The title Conversations With A Killer: The Ted Bundy Tapes is a bit misleading. Yes, the producers of Netflix's new docuseries about serial killer Ted Bundy have tapes. They have hours and hours of tapes, some of them chilling to make their stomach drop to your ankles. But they are not conversations as much as monologues featuring Bundy-a textbook sociopath willing to lie to anyone about anything-opining on his childhood, the murder cases against him, his disgustingly delusional self-image, and anything else that happened to pop into “/>
January 24 on Netflix
Four-episode documentary series; All four episodes watched for review
Stephen Michaud, who traveled to Florida to interview. in true narcissistic fashion, he sends out a call for "celebrity bio" writers to come and hear And Michaud humored him for a little while, letting Bundy paint an unrealistically sunny portrait of his upbringing moving around the US. eventually settling in Tacoma, Washington. Those looking for new insight into Bundy's childhood will be disappointed with the first episode of Conversations With A Killer as the tales he tells complicate the already conflicting narratives about his life simply by being complete and utter bullshit.
the assumption that Bundy is really talking about himself, and therefore the tapes give us an unprecedented look into his mind and methods. But the problem, again, is that Ted Bundy's word to go on here. If you can not trust a word Ted Bundy says about himself, his statements on "someone's" mental state should be as suspect. Yet, Michaud believed he was gambit to be a success at face value-and so did Berlinger, enough to make a documentary revolving around it. Did they do so because they believed that they were well-suited to our understanding of these inexplicable crimes? Or did they do so, 30 years after its execution, Bundy's name stillsells papers-or green-lights docuseries, as the case may be?
As the series wears on, harder to ignore. Although Berlinger makes the most of Bundy's nauseatingly callous statements, pairing them with grainy '70s-era stock footage and impressionistic horror-movie montage to truly terrifying effect, there's no doubt about it hours' worth of bingeable true-crime TV. And so, by the end of the second episode, Michaud and his tapes have mostly receded into the background, and the psychological thread is lost.
Berlinger fills the remaining runtime with a variety of documentary techniques, some more successful than others. Most successful is putting in the social context of the 1970s and the second-wave feminist movement; Berlinger presents him as a titled white man who lashes out with violence when confronted with his own mediocrity. (Hey what a dedicated Republican who felt that politics were "perfect for him because he [didn’t] have to be real," in the words of one interview subject.) as Conversations With A Killer points out, is the ultimate in toxic masculinity.
The second and third episode of the series, which focuses mostly on the women Bundy killed, is a good job in Seattle (and later in Salt Lake City and the University of Florida) felt on a daily basis during his murderous reign, and the incompetence of investigators who re-traumatized survivors by not believing them. It does so mostly through archival news footage and interviews with reporters and detectives who worked the case, including Kathleen McChesney, one of only four female detectives in King County, Washington at the time of the Bundy murders. Bundles crimes-the word "necrophilia" is only mentioned once-presumably out of respect for the victims.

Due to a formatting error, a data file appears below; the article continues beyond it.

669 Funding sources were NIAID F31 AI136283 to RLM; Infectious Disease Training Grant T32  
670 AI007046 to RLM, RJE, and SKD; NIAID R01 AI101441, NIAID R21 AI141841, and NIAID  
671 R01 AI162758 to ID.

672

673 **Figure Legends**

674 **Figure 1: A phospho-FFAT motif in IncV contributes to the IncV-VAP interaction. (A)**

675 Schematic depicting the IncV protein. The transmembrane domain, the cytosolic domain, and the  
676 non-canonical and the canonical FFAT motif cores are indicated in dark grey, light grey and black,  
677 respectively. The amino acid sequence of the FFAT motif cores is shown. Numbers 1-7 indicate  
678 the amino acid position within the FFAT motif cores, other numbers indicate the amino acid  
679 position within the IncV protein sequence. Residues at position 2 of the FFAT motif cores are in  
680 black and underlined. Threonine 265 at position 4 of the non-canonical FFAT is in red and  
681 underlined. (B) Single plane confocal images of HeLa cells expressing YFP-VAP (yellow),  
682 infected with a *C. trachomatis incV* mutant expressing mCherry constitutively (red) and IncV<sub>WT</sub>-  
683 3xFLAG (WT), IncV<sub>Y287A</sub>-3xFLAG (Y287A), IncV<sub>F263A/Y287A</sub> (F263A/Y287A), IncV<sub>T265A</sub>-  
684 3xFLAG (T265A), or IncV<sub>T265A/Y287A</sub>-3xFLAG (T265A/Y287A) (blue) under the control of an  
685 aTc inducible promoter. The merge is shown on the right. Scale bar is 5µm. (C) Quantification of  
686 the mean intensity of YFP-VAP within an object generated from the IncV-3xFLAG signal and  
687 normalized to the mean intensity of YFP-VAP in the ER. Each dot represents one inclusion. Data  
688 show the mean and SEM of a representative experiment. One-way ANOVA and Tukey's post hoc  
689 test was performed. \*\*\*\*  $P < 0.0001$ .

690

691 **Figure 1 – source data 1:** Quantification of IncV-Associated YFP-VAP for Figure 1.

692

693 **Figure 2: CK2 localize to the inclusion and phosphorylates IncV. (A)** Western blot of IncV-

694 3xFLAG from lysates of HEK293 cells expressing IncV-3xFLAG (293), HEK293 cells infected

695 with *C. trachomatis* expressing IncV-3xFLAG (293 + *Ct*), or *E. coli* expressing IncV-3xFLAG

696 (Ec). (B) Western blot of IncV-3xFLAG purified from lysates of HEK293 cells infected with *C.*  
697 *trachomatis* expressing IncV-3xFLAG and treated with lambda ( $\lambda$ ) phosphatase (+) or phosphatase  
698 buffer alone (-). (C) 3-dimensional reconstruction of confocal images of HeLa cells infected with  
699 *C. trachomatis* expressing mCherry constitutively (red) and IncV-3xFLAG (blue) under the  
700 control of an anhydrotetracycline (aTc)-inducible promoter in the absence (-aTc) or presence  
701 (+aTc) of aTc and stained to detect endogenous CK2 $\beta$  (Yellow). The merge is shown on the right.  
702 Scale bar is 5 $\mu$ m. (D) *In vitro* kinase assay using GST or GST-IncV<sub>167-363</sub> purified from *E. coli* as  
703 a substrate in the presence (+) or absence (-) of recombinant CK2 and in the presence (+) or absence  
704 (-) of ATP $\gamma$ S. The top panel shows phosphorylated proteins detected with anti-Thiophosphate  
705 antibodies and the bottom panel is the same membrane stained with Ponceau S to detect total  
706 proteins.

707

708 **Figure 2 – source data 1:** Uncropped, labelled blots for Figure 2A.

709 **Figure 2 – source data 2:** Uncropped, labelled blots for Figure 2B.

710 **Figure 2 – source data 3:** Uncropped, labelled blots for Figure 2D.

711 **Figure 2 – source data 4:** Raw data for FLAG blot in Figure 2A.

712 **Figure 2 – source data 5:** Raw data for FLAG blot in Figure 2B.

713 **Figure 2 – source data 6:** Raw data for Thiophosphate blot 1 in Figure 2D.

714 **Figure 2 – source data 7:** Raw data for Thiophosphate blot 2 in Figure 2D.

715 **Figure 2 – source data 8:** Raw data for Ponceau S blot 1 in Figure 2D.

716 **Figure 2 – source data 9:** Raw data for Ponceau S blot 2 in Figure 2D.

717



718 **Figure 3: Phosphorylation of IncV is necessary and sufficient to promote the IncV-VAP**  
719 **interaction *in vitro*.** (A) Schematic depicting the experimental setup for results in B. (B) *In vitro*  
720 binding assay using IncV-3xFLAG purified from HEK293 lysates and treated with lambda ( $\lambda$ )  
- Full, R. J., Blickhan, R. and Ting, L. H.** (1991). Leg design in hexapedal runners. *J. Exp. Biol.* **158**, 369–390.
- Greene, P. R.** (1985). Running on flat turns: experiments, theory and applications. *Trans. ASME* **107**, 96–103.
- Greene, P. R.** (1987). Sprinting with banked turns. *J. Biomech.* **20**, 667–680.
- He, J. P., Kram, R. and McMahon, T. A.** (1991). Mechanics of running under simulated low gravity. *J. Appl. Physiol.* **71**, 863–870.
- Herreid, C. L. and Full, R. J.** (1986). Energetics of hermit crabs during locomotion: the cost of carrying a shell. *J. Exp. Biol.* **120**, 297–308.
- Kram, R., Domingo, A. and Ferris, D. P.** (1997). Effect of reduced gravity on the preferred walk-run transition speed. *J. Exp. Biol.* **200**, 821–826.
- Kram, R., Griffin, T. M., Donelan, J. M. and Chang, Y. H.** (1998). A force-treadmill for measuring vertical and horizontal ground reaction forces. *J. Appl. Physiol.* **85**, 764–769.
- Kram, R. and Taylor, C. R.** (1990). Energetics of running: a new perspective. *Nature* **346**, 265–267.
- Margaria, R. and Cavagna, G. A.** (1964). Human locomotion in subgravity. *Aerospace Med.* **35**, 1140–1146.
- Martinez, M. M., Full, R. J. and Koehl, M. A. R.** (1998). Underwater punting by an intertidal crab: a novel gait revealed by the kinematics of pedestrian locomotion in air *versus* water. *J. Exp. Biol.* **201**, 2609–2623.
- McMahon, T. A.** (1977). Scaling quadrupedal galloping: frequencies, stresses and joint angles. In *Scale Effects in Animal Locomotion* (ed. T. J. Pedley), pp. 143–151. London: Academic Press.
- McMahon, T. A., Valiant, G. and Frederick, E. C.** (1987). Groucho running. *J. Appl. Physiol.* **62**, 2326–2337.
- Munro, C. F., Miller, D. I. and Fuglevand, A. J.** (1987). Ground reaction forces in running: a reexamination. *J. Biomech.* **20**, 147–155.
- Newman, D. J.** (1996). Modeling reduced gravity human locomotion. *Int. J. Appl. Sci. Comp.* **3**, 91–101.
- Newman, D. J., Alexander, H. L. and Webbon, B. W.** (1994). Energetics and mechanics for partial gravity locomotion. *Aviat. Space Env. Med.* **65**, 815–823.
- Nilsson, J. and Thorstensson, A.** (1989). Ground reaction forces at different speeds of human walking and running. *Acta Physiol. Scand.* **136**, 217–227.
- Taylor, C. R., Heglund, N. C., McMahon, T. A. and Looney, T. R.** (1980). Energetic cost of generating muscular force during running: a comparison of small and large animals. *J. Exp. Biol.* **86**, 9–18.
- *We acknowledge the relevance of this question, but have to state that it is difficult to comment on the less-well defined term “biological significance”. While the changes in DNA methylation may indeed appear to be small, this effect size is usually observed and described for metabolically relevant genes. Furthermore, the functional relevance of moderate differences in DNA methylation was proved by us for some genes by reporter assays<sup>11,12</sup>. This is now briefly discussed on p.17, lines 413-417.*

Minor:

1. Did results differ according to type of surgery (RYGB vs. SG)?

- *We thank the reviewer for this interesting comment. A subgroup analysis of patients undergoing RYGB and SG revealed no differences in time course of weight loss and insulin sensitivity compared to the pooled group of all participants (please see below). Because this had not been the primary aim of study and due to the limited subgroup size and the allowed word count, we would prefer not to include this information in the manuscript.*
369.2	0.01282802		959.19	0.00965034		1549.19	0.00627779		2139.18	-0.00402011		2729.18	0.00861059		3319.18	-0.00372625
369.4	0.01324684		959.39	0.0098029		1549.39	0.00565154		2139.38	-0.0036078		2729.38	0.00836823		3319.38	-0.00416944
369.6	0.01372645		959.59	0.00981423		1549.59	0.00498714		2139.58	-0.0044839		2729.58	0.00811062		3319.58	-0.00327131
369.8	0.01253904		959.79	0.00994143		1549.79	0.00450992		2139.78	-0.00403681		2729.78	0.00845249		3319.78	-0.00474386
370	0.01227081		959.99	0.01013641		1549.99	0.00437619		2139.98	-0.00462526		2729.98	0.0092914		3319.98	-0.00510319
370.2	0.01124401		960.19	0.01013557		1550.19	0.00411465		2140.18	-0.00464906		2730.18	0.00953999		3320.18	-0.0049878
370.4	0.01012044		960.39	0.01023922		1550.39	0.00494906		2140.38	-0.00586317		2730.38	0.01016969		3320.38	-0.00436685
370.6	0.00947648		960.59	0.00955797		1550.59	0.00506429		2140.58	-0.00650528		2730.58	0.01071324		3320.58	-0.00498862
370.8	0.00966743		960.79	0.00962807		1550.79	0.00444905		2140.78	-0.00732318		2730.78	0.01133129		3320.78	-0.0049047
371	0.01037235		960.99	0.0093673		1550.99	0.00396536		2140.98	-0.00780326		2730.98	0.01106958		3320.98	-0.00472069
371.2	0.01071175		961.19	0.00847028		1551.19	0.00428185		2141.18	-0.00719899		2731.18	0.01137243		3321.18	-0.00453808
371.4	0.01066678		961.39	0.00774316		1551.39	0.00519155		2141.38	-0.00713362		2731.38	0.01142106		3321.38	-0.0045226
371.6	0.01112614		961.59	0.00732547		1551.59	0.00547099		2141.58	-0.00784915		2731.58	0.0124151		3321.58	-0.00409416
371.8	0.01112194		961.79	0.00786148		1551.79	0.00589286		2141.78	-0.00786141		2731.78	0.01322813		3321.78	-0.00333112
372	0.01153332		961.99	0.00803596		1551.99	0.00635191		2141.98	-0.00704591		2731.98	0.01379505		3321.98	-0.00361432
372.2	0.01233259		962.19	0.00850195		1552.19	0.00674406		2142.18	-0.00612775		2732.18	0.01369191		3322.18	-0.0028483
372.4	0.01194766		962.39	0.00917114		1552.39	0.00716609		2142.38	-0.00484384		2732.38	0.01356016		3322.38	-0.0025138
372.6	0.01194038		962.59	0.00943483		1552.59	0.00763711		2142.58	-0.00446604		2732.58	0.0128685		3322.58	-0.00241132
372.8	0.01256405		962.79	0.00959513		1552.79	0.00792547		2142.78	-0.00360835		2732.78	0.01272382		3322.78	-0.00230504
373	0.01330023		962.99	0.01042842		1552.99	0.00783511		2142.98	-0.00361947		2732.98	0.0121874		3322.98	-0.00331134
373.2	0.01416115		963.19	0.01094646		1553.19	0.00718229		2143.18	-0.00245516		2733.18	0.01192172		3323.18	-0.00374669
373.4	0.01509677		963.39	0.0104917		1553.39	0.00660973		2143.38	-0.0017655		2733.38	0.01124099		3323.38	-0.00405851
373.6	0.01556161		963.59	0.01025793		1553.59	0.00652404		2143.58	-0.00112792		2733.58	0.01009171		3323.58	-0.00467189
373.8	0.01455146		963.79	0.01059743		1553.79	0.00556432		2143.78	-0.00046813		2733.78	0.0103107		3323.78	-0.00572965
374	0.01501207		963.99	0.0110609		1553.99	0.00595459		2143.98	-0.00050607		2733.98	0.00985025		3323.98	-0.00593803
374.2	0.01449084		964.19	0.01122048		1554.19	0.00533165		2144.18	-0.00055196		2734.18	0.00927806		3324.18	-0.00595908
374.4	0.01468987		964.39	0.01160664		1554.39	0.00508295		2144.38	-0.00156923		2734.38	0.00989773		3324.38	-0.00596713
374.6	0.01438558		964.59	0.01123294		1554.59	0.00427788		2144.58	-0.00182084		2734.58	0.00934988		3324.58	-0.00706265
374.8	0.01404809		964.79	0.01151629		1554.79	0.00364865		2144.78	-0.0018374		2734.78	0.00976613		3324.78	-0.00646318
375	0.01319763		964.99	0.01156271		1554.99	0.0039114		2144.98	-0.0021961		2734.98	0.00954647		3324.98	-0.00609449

These episodes can be frustrating at times, but mostly because the investigations were so poorly handled by sexist law enforcement. Where Conversations With A Killer gets truly enraging is in its last episode, which is just as well as the second and third episodes, but with one key difference: Bundy's trial, and defense lawyers. They are a little too pleased with the notoriety. This angle is under-explored, as Bundy giving video interviews, Bundy in his own right, Bundy's previously released death row confessions.
The last episode leans heavily on long, exasperating stretches of video of Bundy, clearly relishing the attention, mugging to the camera as he represents himself in court. It's instructed to see the leeway Bundy got from law enforcement who coded him because he was a middle-class, well-dressed white guy. At one point a judge makes him a good lawyer. Bundy's crimes is disappointingly underdeveloped when the focus shifts to the trial and Bundy's ensuing celebrity. Promises of understanding, and the feeling of being alone, fade away, and all that's left is Bundy, making soulful eye contact with the camera as the interviewees talk about the charisma, and that it looks irresistible to the gaggle of groupies that coalesced during his trial.
Conversations With A Killer: The Ted Bundy Tapes does not glorify this despicable man, but it is short of being truly self-aware when it comes to the tricks of all true-crime ethical dilemmas: At what point does documenting a narcissist become giving him a platform? Ted Bundy means that it does not really bring much new information to the table. The most frightening thing about Bundy what his emptiness, his / her ability to become whatever it is most convenient for him at any particular moment. Conversations With A Killer is aware of that void, but is not truly comfortable staring into it-allowing Bundy himself to fill that void with lies.